Previous efforts to treat those diseases have focused on differences in the proteins thought to cause them, says Fernando Goni of New York University. "So what we said is, 'Do they have something in common?' "

Shots - Health News Mad Cow Research Hints At Ways To Halt Alzheimer's, Parkinson's

The common element is proteins that misfold and then form toxic clumps. Goni and his colleagues decided to go after these clumps, without worrying about which protein they contain. The result is a class of monoclonal antibodies that work like guided missiles to find and neutralize protein clumps in brain cells.

Previous experiments showed that the monoclonal antibodies work on the tau and amyloid clumps associated with Alzheimer's. Studies in mice show that the treatment can reverse symptoms of the disease, Goni says.

"We took animals that already had the disease and we infused them with the monoclonals and after a couple of months they were almost as perfect as the normal mice of that age," he says. Goni also presented evidence at the meeting that these targeted antibodies work on clumps associated with Parkinson's disease and Lewy body dementia, too.

Perhaps the most unusual potential new treatment for Alzheimer's comes from Neurophage Pharmaceuticals, a company that owes its existence to an accidental discovery.

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A few years ago, Beka Solomon, a researcher in microbiology and biotechnology at Tel Aviv University in Israel, realized that a virus she was using for another purpose seemed to reverse Alzheimer's in mice. So she continued to study the virus, says Richard Fisher, the chief scientific officer of Neurophage.

"Meanwhile, her son, who had just spent 10 years in Israeli special forces, goes to Harvard Business School," Fisher says. "He needs a project. And he and another colleague at the business school put together a potential company based on [his mother's] discovery."

In 2008, that potential company became Neurophage. "I was the first employee and I thought, 'Wow, this is really crazy,' " Fisher says.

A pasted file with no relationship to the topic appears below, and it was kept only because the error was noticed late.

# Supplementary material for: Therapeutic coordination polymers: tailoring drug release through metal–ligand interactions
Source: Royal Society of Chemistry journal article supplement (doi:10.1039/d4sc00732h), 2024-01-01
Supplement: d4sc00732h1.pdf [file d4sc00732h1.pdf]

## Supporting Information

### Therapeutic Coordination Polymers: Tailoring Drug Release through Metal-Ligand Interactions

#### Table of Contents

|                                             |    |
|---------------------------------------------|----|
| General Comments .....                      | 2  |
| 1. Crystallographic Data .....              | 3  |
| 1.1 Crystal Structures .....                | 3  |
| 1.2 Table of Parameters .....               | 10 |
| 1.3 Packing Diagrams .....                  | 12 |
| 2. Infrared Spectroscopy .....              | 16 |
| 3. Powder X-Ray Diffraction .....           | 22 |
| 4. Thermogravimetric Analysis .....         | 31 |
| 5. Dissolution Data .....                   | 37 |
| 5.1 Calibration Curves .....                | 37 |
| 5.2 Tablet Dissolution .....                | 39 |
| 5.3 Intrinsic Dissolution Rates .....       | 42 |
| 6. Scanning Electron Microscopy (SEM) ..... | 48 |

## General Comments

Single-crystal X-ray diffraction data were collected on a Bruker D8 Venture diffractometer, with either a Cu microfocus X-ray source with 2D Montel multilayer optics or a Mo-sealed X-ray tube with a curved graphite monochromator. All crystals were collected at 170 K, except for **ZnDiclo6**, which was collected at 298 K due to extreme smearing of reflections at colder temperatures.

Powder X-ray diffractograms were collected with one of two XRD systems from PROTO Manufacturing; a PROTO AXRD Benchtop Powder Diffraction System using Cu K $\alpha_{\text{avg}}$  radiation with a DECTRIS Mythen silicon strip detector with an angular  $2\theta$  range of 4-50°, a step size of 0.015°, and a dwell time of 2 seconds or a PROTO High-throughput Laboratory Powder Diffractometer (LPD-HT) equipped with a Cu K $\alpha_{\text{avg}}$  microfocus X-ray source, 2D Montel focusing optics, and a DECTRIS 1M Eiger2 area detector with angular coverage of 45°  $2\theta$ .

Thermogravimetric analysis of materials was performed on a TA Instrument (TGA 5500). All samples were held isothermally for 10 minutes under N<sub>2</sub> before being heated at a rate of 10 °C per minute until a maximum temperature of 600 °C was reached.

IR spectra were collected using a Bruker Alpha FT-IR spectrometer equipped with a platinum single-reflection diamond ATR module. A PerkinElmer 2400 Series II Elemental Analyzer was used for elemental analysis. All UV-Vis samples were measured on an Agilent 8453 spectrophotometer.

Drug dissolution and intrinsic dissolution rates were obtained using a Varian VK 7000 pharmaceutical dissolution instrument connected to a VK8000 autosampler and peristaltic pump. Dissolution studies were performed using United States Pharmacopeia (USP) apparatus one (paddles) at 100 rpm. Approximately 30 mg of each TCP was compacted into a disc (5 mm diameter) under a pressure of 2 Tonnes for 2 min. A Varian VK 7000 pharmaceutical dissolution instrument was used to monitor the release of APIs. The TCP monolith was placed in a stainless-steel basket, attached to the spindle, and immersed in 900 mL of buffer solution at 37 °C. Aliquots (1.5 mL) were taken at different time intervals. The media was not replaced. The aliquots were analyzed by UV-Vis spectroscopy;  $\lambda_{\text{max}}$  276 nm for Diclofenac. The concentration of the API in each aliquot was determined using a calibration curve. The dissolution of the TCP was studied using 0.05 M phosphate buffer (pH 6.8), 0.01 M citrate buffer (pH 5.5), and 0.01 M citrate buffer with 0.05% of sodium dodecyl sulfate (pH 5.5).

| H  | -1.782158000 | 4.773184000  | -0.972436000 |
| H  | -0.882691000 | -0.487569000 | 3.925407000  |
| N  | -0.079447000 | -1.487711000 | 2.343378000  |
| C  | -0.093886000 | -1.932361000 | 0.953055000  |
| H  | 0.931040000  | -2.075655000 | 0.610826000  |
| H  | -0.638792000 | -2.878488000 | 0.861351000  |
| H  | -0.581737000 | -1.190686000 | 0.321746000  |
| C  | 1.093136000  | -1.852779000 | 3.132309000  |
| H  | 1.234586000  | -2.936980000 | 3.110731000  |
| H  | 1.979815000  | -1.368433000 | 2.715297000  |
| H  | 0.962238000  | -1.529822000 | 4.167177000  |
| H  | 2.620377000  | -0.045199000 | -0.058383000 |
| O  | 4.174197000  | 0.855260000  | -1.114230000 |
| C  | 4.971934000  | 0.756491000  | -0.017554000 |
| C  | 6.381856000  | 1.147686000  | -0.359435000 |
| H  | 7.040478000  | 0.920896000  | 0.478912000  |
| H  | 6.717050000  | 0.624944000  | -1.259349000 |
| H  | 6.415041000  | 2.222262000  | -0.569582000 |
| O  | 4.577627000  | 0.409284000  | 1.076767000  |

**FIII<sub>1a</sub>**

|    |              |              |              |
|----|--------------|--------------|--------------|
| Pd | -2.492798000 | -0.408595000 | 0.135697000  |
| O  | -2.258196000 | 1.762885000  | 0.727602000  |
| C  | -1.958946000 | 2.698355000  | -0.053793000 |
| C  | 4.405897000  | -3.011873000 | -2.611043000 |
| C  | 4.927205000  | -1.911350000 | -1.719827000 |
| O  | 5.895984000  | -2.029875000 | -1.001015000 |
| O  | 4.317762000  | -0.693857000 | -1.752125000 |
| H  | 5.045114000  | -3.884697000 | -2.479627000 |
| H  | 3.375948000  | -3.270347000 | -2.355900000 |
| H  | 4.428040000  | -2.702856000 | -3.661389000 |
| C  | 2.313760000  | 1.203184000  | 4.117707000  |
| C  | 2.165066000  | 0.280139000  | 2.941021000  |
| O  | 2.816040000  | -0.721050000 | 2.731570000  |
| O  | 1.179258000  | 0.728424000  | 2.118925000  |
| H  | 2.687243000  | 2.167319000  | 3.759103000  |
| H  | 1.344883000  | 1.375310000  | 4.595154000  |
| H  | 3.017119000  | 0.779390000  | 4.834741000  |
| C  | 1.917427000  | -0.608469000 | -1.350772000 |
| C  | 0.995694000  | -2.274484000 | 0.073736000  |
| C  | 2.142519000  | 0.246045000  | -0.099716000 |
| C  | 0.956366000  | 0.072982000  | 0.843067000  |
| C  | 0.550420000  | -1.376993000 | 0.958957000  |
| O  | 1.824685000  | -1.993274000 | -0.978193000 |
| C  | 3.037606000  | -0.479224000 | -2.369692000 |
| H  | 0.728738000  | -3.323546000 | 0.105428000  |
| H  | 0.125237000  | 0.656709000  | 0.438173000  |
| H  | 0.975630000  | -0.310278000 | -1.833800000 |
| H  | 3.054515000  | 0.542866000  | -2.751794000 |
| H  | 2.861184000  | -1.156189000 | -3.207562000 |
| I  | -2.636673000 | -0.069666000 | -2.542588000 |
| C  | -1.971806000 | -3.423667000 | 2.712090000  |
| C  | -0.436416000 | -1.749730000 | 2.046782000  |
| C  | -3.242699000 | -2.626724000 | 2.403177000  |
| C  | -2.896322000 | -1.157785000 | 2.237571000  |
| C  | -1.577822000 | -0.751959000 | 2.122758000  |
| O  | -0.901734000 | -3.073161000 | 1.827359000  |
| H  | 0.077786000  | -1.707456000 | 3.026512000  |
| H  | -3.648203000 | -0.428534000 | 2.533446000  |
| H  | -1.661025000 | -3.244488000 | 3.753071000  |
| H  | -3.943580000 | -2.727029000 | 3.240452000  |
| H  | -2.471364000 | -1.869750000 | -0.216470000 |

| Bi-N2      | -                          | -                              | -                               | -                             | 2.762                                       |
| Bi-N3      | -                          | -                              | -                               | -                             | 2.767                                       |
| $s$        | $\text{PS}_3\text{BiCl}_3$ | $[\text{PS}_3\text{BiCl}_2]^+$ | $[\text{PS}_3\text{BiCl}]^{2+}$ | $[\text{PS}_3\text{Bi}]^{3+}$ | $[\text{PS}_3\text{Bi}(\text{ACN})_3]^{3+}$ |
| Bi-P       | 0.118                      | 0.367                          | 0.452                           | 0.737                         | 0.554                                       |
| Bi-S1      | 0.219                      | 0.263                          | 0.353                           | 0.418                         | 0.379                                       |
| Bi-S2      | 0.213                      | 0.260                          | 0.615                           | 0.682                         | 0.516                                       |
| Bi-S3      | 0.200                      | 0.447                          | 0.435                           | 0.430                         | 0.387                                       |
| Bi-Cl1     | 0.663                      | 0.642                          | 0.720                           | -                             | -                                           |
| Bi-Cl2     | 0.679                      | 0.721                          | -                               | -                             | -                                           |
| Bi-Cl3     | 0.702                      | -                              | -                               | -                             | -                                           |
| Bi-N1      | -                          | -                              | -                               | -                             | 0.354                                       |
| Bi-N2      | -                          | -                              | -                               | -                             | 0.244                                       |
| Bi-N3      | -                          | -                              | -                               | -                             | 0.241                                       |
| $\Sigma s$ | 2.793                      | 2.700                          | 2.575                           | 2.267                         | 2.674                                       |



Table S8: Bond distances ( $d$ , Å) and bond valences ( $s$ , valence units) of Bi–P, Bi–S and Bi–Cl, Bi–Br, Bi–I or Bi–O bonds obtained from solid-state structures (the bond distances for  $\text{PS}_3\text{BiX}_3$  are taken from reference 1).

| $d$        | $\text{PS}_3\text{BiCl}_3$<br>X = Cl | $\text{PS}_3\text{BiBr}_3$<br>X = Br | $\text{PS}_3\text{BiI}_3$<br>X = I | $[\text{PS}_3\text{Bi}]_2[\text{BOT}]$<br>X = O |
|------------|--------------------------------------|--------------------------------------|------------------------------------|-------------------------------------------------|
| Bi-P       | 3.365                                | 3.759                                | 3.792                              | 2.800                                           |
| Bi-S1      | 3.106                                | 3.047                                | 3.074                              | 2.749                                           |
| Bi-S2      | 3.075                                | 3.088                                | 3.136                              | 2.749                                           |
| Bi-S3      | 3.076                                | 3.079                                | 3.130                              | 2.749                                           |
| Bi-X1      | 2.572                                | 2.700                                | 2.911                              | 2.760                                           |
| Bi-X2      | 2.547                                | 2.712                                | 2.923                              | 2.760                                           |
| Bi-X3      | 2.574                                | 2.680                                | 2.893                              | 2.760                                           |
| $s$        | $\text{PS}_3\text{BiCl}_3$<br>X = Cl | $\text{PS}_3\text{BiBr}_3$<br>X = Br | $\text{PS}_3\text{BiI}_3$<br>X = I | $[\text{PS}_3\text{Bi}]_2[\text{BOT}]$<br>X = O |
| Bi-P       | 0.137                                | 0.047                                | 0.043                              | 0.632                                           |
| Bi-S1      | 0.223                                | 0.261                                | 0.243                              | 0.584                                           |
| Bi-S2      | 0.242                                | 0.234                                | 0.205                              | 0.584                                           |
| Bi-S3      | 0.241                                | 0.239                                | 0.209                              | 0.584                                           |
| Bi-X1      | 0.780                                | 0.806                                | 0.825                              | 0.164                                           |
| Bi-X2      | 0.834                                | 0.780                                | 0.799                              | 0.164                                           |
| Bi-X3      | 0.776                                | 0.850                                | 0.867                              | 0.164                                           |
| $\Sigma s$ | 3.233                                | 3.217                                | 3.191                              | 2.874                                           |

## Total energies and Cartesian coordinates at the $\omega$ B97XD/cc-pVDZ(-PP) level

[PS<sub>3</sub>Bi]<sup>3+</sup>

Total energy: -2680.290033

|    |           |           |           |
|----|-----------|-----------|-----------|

But it wasn't. Scientists were able to figure out how the virus was attacking Alzheimer's plaques and use that information to create a treatment.

And in mice, that treatment appears to work against both Alzheimer's and Parkinson's, Fisher says. The company plans to begin testing its treatment in people in early 2016.

Copyright 2015 NPR. To see more, visit
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When Losing Memory Means Losing Home

NPR Health Blog - Sat, 07/18/2015 - 5:08pm
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Greg O'Brien and his wife are finding it more difficult to drive to and from their family's secluded house on Cape Cod. As they move out and move on, O'Brien has discovered a bittersweet trove of memories.

Sam Broun/Courtesy of Greg O'Brien

In this installment of NPR's series Inside Alzheimer's, we hear from Greg O'Brien about his decision to sell the home where he and his wife raised their three children. O'Brien, a longtime journalist in Cape Cod, Mass., was diagnosed with early onset Alzheimer's disease in 2009.

Greg and Mary Catherine O'Brien have lived in their house on Cape Cod for more than 30 years. It's their dream house. They used to imagine growing old there.

But this winter, as Greg's Alzheimer's disease worsened, it became clear that they couldn't stay in the house, which sits on a couple of acres in a secluded part of the Cape. Greg doesn't drive much anymore, and he'll need more and more medical care in the coming years.

Plus, without Greg working as much, the house costs too much to keep up.

So the O'Brien family is preparing to sell their home. The process began with cleaning out Greg's office, where he has worked as a journalist and writer his entire career. Sifting through all his journals and notes has revealed a precious trove of memories.